Figure 1. The pillars of the GPS program
A proposal to scale up the WAVES Partnership Environment and Natural Resources Global Practice,
in collaboration with the Finance, Competitiveness and Innovation Global Practice, and with the Treasury Department, the World Bank
 
The depletion of natural capital – including assets like forests, water, fish stocks, minerals, biodiversity and land – poses a significant challenge to achieving poverty reduction and sustainable development objectives. The issue is especially important in developing countries. Low-income countries, in particular, depend on natural capital for 47 percent of their wealth. And yet, in several of these countries, natural capital is being depleted without any corresponding investments in human capital (such as education or health) or produced capital (such as infrastructure), leading to an overall decrease in wealth and a failure to improve standards of living among the poor. 
 
Building on the experience of the WAVES partnership (Wealth Accounting and the Valuation of Ecosystem Services), the World Bank has developed the new “Global Program on Sustainability” (GPS) to expand the application of a `sustainability’ lens to decision making in developing countries. Structured around three inter-connected pillars of engagement: information, implementation, and incentives, GPS will contribute to achieving the Sustainable Development Goals by supporting developing countries’ efforts to manage their natural capital sustainably.
 
In implementing GPS, the World Bank will collaborate with partners active in this space, including UN agencies (UNSD, UN Environment, FAO), IPBES, Natural Capital Project at Stanford, Global Earth Observation (GEO) Platform, NASA and the European Space Agency; NGOs such as IUCN, WRI, WWF, TNC, academics and other experts.  The work will be carried out in the context of the SEEA framework (System of Environmental-Economic Accounting), the UN-sanctioned standard for Environmental data collection and use. The image above provides an overview of the Program, including the components of each pillar. The rest of this note summarizes the rationale and key features of each of the program’s pillars.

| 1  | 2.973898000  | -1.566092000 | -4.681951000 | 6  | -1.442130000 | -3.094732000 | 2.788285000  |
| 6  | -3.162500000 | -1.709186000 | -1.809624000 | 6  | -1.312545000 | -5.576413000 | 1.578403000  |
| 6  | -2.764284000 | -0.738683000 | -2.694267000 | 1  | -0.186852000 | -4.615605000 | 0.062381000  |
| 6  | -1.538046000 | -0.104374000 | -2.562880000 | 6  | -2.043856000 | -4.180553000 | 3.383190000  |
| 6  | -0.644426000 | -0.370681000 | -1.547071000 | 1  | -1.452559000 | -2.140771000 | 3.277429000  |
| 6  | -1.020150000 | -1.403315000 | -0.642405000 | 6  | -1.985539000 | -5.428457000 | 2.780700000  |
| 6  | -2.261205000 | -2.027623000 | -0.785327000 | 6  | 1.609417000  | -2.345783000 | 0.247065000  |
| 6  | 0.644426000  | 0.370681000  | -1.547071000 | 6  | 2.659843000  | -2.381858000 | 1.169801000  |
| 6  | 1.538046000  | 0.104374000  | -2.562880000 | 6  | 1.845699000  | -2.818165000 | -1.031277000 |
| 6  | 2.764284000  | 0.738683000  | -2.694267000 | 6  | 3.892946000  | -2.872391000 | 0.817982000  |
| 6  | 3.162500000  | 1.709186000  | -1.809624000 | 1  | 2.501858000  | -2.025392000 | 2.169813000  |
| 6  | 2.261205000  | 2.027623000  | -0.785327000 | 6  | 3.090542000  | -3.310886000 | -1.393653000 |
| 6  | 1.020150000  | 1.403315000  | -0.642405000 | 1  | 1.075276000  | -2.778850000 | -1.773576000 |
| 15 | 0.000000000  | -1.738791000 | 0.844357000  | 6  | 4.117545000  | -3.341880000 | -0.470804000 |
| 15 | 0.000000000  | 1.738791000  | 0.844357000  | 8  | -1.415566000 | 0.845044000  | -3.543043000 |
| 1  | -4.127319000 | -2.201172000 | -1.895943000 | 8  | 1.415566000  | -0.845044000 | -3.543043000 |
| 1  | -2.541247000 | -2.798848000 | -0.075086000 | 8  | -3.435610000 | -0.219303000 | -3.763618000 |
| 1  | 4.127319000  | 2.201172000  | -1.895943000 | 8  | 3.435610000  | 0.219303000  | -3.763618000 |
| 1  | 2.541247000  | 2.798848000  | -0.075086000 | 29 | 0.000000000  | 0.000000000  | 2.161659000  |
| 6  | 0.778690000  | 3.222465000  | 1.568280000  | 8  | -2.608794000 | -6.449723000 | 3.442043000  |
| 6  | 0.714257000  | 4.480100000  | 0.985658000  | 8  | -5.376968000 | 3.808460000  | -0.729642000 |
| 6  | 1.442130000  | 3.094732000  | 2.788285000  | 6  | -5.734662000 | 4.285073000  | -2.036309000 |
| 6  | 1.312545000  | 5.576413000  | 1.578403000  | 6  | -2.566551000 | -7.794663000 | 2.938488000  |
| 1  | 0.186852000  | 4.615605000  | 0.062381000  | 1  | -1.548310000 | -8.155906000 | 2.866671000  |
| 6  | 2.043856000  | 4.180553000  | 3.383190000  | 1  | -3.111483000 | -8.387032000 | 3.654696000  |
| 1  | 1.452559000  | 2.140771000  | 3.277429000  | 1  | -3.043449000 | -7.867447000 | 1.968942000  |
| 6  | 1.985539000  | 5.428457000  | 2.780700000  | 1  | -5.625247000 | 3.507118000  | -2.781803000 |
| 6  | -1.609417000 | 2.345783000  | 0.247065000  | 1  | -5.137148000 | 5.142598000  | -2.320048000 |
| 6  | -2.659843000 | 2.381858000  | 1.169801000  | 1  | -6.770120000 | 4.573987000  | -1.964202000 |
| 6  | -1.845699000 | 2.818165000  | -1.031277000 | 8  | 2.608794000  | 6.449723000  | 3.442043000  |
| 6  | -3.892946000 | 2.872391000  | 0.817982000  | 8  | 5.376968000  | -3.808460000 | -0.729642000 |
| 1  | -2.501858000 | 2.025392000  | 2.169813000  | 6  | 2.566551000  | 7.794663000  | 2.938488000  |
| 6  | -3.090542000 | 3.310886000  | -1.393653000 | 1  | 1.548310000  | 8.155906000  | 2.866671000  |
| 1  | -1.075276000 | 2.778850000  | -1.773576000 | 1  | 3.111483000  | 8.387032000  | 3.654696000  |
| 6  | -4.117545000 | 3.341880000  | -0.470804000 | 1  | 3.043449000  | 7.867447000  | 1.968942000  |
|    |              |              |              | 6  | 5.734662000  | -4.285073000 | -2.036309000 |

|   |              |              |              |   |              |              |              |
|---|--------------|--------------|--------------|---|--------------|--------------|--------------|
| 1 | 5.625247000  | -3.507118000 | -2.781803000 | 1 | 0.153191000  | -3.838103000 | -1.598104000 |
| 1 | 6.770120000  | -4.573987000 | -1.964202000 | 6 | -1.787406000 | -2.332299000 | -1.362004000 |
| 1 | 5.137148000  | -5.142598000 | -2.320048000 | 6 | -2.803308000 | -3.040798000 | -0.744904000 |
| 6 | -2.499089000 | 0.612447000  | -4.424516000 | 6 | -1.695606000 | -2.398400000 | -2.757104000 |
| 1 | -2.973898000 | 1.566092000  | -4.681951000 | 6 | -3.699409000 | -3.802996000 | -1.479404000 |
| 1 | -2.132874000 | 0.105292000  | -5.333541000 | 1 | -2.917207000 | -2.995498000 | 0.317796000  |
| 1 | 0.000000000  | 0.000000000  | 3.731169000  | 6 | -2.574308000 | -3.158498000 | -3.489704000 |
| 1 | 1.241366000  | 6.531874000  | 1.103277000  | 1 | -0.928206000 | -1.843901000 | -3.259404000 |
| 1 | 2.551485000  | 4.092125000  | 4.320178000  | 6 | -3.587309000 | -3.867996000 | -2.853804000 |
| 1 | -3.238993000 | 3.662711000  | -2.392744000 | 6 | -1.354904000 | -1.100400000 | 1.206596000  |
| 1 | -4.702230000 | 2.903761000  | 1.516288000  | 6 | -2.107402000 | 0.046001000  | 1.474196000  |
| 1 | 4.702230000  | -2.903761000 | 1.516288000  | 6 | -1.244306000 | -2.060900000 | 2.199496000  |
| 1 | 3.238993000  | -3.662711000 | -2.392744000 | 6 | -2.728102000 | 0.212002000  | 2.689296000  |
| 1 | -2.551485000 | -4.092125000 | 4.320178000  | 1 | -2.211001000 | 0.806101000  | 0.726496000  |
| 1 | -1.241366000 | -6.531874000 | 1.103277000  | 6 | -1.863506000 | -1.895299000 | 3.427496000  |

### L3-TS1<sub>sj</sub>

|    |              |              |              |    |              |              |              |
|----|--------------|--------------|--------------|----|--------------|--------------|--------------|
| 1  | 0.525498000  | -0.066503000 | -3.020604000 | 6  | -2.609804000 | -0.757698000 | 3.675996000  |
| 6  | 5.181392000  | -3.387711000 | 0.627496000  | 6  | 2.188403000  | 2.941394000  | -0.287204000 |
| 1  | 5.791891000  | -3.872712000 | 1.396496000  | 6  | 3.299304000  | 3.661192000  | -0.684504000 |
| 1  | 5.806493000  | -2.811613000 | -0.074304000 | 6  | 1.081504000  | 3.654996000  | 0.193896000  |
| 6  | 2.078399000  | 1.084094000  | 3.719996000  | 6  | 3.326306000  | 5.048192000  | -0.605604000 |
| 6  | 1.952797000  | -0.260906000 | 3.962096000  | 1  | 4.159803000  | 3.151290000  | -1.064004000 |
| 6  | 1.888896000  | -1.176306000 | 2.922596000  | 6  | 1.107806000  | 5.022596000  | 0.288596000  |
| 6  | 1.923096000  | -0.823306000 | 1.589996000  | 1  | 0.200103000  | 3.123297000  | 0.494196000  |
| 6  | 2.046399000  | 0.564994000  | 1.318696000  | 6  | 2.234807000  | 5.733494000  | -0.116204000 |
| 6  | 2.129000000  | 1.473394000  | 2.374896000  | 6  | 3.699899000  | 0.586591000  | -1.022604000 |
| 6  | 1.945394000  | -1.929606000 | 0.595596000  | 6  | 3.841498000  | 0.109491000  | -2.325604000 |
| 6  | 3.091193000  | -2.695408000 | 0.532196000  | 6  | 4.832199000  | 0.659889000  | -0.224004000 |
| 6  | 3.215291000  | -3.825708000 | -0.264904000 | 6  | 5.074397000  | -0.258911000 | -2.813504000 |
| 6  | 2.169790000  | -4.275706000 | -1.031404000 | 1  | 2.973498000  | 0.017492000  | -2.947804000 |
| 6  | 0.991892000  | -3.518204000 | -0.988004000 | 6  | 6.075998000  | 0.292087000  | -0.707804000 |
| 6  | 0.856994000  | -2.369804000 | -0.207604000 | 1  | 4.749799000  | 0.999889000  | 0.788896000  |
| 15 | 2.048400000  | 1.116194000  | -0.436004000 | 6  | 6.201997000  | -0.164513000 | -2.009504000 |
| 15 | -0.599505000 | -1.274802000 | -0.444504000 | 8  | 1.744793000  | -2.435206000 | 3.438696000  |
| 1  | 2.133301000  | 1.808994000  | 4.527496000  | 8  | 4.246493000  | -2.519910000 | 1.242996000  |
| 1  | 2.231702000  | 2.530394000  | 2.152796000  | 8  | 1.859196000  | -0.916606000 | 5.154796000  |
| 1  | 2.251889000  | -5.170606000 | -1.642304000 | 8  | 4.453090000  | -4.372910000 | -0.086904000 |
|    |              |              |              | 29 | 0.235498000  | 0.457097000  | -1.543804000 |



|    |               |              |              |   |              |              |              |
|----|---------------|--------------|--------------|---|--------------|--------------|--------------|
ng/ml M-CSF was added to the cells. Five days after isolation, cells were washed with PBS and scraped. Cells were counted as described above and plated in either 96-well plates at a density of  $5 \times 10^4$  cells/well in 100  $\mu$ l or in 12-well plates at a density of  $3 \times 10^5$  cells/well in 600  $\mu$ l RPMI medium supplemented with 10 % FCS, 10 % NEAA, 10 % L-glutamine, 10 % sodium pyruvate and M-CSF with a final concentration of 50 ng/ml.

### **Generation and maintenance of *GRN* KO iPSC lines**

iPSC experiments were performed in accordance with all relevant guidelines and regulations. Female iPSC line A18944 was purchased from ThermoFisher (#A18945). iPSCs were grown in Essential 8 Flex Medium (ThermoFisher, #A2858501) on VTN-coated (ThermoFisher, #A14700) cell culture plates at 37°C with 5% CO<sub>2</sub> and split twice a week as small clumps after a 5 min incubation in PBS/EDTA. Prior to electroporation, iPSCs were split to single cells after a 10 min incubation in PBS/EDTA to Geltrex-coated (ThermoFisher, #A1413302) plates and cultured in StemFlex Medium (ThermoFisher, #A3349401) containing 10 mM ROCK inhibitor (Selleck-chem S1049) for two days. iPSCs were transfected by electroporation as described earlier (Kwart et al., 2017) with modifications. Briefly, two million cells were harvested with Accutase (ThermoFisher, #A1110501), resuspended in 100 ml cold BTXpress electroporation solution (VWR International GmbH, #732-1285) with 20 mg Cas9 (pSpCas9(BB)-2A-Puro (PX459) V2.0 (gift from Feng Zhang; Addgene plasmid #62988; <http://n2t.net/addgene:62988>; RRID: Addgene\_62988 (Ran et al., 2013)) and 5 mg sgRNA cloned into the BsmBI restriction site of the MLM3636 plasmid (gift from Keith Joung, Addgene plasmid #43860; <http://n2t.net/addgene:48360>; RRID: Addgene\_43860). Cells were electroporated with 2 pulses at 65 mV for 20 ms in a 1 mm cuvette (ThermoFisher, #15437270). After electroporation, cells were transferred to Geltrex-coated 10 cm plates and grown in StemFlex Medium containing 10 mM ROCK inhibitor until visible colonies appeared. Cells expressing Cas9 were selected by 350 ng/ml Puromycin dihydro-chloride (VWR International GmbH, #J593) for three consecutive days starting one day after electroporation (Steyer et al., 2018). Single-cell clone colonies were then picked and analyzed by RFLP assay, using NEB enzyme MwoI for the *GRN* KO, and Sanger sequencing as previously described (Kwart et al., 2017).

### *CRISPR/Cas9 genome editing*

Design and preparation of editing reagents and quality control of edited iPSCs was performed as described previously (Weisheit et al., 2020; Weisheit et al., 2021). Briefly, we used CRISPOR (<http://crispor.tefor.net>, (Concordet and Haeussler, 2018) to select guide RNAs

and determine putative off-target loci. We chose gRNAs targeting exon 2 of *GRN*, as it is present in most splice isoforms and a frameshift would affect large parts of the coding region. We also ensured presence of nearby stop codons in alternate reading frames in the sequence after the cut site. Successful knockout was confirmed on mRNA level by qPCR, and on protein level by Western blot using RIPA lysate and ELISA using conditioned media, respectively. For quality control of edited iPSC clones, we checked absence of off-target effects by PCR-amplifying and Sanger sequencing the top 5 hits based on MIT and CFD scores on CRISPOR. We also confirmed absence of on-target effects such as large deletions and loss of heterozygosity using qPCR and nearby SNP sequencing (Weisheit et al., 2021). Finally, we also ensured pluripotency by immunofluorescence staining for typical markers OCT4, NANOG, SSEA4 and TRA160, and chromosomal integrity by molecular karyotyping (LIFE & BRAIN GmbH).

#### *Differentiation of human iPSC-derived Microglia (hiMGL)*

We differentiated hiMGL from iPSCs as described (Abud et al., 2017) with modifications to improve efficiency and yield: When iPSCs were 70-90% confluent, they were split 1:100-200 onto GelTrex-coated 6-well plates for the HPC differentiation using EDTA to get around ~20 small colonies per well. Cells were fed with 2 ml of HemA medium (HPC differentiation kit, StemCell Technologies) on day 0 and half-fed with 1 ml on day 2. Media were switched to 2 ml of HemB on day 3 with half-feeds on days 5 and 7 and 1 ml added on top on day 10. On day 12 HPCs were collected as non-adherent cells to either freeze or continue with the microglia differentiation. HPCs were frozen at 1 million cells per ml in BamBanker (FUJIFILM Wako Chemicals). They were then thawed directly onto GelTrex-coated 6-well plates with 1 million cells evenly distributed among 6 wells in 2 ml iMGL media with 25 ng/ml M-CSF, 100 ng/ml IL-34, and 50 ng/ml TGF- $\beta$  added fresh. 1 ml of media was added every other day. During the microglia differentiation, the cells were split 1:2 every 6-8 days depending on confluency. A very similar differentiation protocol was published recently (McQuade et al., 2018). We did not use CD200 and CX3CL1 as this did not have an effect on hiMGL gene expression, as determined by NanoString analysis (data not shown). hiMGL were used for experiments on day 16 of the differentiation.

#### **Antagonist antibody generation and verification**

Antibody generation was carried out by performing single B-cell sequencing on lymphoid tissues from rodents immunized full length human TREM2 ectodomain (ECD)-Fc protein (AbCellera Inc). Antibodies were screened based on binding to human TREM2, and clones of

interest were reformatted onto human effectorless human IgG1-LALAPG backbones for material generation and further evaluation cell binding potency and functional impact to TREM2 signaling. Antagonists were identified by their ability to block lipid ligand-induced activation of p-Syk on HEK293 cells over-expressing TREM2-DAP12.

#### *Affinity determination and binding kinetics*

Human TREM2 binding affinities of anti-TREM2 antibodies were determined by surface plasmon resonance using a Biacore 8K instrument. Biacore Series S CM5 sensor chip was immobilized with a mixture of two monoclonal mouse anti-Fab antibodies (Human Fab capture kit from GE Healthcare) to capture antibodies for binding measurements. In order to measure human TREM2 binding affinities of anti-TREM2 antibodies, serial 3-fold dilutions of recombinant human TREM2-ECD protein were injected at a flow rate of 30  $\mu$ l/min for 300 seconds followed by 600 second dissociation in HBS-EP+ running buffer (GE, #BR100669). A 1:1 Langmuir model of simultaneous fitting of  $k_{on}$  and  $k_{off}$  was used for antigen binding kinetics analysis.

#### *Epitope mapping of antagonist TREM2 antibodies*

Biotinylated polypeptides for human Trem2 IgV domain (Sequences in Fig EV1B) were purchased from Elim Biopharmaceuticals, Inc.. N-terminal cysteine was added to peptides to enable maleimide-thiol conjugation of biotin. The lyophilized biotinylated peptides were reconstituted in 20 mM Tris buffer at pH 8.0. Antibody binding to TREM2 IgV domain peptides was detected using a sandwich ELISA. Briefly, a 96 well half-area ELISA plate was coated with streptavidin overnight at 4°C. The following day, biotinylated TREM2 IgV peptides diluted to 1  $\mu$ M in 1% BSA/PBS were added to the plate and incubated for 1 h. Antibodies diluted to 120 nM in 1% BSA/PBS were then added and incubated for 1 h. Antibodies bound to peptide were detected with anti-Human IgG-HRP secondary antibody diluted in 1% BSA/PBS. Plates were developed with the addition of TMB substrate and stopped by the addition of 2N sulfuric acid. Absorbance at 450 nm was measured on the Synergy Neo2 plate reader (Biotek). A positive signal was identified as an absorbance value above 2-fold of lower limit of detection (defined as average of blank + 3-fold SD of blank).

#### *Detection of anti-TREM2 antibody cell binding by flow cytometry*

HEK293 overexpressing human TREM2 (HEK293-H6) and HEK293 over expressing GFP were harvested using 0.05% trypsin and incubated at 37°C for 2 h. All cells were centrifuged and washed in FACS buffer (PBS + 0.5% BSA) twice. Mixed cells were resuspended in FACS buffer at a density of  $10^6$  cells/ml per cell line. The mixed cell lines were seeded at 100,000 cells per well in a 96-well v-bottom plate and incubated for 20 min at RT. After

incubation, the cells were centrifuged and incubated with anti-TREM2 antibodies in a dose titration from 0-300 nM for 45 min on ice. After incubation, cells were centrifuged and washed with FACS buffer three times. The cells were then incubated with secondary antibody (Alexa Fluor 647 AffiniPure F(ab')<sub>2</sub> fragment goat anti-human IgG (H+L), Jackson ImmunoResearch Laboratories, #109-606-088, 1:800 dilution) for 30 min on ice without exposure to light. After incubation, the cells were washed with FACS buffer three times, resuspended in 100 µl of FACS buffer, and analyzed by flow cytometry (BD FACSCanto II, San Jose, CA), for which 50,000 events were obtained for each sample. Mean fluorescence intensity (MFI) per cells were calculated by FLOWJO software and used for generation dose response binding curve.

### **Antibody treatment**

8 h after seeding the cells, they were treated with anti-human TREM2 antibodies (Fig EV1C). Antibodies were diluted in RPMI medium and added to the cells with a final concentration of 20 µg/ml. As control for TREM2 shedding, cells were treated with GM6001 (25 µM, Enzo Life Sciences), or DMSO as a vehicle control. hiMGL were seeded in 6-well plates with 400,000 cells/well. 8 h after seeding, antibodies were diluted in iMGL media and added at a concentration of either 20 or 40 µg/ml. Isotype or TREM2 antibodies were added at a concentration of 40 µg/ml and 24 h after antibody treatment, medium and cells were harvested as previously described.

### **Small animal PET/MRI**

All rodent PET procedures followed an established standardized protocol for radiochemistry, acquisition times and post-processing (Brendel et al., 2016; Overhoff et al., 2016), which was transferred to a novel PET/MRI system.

Pillar 1: Global information on natural capital and sustainability
 
While significant progress has been made in assessing environmental sustainability (including through the recent World Bank report on “The Changing Wealth of Nations”), important gaps remain, both in terms of adequately measuring and monitoring the different components of natural capital and the associated ecosystem services; and of promoting the use of that information to inform policy and investment decisions. To address these challenges, Pillar 1 will support the following activities:
  • Improving the measurement and availability of data at the global level on important forms of natural capital currently not systematically assessed (e.g. water, fisheries, etc), as well as ecosystem services (e.g. nature-based protection from natural hazards, sediment regulation, crop pollination); improved data in physical terms will be complemented wherever possible by valuation in monetary terms;
  • Evaluating the sustainability performance of as many countries as the data permit, looking at the national, sector, and local levels, and using approaches such as decoupling indicators, extended multi factor productivity analysis, valuation of economic externalities, etc.;
  • Producing high-visibility reports, like an expanded version of The Changing Wealth of Nations, which will provide new insights to the global debate on sustainability, based on the findings of the analyses outlined above.
  • Developing systems to better integrate environmental sustainability in concessional financing (e.g. IDA allocation), to reward good performance against sustainability targets.